The S&P 500 is down about 8% already this month. Many other quality investments are down even more than that. I thought it would be appropriate to reach out to everyone and attempt to cut through some of the noise you may be hearing from the media.
Watching your account decrease almost daily is painful, and we certainly do not take this lightly. Investing is a very emotional experience. This emotional rollercoaster is the reason that people typically do so much worse than the markets as a whole. It is easy to get caught up in the short term gyrations of the stock market and make emotional decisions. Unfortunately, these types of decisions can prove more harmful.
What has happened so far this year typically happens on average about once every two and a half years. This is not abnormal for the stock market. Of course, this is not the message you will hear from the financial media. They are desperate to capitalize on these events because they need viewers and listeners to maintain their ratings. What was the excuse the news media gave us for the near 19% market drop in late 2011? Oil was very expensive and China was well on its’ way to overtaking our economy. The sky was falling. What is the reason the news media is postulating for our current market drop? Oil prices are too low, and China’s stock market/ economy is collapsing.
It always beneficial to understand the motives of any company. CNBC is a commercial venture owned by NBC Universal which, in turn, is owned by Comcast. CNBC’s purpose is to generate ratings and income for their corporate owners. They do this by generating enough angst in their viewers to keep them engaged. Our advice is the same as it has always been; turn off the TV (or at least change the channel). The financial media has no clue why this market is behaving this way and cannot predict if this will continue or turn around. The media tries to convince you that this time it is different, and that the sky is definitely falling. We know that this time is not different.
So what should we do now? First, you should pull out your latest statement and take a look at your portfolios. Our quarterly statements are simply divided as follows: equities, fixed income and cash. Take note of the amount of money you have in your cash and fixed income accounts. The equity portion of your portfolio typically generates between 2% – 3% dividends on an annual basis. If you are taking distributions from your accounts, ask how long will the cash, fixed income and dividends last? If you are uncomfortable with this margin, you need to contact us. Next, after this volatility passes, we may need to readdress your overall allocation. If the percentage in low risk investments like cash and fixed income makes you feel uneasy, this market correction may offer opportunities for your portfolio.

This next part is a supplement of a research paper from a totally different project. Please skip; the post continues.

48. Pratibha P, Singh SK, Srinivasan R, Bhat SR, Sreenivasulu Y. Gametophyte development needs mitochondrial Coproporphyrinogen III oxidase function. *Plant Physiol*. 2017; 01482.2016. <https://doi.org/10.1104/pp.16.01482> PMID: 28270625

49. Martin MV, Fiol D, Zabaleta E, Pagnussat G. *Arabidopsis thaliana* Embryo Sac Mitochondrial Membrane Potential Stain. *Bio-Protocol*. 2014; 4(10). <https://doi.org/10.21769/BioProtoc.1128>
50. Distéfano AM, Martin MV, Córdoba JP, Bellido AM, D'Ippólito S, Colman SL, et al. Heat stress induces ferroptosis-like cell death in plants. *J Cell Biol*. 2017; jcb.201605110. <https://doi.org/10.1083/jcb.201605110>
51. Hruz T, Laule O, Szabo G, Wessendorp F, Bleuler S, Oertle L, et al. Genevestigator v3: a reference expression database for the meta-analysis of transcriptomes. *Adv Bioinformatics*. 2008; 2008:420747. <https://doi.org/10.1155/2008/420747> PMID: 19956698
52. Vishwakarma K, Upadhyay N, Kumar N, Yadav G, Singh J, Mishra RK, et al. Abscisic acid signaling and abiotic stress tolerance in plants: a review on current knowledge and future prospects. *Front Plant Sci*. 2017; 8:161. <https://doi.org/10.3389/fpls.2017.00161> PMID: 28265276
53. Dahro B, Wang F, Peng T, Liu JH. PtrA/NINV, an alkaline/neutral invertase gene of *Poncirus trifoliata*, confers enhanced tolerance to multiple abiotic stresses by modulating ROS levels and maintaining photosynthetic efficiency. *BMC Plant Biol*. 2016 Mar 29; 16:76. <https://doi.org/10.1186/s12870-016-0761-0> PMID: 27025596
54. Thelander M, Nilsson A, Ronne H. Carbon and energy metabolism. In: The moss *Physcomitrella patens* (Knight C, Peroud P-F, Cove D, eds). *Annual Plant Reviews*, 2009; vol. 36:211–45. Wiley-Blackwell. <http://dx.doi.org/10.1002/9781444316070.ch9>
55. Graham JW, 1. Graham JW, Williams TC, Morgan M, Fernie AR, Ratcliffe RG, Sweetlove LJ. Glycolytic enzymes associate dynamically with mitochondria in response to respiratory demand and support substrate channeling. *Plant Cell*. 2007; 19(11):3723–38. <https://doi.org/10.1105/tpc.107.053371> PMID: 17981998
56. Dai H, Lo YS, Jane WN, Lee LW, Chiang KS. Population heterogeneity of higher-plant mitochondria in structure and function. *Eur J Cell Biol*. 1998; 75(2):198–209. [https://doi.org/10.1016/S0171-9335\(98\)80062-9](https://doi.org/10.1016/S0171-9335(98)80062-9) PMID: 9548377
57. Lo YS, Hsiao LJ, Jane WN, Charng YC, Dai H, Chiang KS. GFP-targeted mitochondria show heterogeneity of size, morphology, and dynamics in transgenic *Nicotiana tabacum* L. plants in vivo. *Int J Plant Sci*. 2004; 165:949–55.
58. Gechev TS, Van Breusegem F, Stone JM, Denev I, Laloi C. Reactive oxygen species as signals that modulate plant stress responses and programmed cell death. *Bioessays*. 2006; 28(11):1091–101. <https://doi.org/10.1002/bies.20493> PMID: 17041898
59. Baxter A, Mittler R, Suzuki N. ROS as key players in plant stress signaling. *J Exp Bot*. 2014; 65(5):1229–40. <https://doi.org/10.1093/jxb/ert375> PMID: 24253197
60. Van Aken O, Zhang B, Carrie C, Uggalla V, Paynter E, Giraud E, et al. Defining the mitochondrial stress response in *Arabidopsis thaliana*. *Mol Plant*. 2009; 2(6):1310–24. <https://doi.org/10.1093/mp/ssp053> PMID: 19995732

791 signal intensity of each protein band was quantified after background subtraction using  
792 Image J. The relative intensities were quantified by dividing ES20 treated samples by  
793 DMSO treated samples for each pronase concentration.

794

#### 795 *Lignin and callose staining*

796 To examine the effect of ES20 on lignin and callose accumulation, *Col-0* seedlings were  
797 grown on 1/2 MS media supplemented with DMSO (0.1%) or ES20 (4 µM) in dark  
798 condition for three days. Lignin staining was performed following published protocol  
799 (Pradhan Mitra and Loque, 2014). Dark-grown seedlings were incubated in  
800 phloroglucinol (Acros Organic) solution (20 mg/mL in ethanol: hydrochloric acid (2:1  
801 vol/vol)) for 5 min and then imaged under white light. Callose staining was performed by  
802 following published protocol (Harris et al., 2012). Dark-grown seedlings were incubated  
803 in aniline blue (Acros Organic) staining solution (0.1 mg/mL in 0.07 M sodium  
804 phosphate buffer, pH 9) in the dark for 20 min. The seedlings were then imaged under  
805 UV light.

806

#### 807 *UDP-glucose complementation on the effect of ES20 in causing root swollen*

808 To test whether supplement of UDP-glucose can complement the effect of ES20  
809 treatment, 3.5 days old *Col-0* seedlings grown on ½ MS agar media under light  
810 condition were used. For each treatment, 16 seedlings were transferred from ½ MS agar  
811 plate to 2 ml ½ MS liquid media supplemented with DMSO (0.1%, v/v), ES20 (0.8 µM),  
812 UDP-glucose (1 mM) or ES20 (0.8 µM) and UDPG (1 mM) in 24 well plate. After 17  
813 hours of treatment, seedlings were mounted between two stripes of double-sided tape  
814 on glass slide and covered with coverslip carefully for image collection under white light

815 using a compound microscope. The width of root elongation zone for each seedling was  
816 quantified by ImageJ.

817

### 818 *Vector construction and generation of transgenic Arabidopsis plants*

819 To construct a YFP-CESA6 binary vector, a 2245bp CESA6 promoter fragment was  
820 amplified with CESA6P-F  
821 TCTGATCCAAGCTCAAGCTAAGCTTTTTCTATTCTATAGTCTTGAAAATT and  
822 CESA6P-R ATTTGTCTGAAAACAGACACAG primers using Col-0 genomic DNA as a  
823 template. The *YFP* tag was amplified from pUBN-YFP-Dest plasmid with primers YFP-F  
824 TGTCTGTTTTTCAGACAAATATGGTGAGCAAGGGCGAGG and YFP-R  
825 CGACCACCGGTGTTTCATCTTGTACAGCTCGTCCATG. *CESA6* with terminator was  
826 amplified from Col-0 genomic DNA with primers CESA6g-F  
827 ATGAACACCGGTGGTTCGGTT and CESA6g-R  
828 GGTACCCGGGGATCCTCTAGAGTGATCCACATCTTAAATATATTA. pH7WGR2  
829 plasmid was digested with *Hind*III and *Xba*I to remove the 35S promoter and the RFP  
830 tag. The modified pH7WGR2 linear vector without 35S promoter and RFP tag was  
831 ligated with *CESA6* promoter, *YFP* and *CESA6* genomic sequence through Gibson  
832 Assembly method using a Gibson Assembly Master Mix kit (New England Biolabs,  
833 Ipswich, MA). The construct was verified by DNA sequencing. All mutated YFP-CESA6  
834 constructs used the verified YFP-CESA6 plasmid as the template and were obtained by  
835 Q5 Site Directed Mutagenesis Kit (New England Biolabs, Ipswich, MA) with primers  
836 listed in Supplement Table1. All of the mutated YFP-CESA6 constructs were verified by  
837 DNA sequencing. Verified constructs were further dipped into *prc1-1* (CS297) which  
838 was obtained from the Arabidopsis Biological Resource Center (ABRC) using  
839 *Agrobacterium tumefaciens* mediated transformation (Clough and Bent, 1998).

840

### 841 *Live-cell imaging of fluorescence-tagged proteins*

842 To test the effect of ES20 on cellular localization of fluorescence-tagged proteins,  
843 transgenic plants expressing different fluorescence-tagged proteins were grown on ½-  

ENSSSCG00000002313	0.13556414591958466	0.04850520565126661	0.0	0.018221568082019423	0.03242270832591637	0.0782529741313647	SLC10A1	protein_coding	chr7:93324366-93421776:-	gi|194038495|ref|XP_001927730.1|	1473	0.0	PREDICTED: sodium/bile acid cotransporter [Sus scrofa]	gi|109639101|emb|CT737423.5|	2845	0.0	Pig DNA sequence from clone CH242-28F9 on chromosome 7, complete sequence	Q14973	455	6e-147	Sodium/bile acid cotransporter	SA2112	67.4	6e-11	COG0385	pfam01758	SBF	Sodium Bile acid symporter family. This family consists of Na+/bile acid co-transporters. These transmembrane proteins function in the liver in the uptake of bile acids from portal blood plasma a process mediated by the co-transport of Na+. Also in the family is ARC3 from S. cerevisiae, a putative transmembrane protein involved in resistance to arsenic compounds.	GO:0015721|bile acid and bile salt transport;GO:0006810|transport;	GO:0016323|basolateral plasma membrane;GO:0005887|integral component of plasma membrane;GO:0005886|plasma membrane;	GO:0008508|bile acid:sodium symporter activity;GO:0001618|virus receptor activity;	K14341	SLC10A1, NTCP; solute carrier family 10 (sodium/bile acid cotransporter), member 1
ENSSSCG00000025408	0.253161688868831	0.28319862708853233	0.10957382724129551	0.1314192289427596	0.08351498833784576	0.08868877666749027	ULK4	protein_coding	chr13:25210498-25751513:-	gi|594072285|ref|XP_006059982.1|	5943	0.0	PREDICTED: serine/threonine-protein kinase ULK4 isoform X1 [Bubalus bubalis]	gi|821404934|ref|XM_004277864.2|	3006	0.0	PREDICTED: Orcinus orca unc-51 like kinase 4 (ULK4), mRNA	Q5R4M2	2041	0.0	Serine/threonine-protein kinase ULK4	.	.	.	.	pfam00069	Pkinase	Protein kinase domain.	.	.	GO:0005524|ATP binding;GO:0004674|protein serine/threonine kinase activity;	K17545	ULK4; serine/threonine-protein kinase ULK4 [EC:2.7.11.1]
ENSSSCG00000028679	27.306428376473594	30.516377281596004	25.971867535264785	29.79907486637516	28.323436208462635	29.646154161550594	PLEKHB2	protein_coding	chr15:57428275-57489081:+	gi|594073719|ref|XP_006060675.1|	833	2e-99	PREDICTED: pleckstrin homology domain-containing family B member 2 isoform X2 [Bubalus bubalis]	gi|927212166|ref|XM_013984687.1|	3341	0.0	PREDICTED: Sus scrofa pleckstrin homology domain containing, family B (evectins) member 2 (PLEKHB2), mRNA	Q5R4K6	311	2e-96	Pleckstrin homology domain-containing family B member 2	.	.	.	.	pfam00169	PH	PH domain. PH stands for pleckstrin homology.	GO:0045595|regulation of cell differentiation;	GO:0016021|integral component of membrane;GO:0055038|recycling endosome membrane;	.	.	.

As mentioned in our quarterly newsletter, we are making strides to address each taxable account for opportunities to do some tax loss harvesting. We now have access to Schwab’s Institutional Intelligent Portfolios. These portfolios do tax loss harvesting on a daily basis. Give us a call if you would like to discuss whether or not this is a good fit for some of your accounts.
Bottom line? This too shall pass. The market is volatile. There is a strong philosophical discussion that hypothesizes volatility as the only reason that we get a return premium in stocks versus other investments. The best course of action is to wait it out. We waited it out together in 2009 and 2011, and we need to wait this one out too.
How many views do you think CNBC would have if their lead story was “Markets Behave Normally and Investors React As Usual”?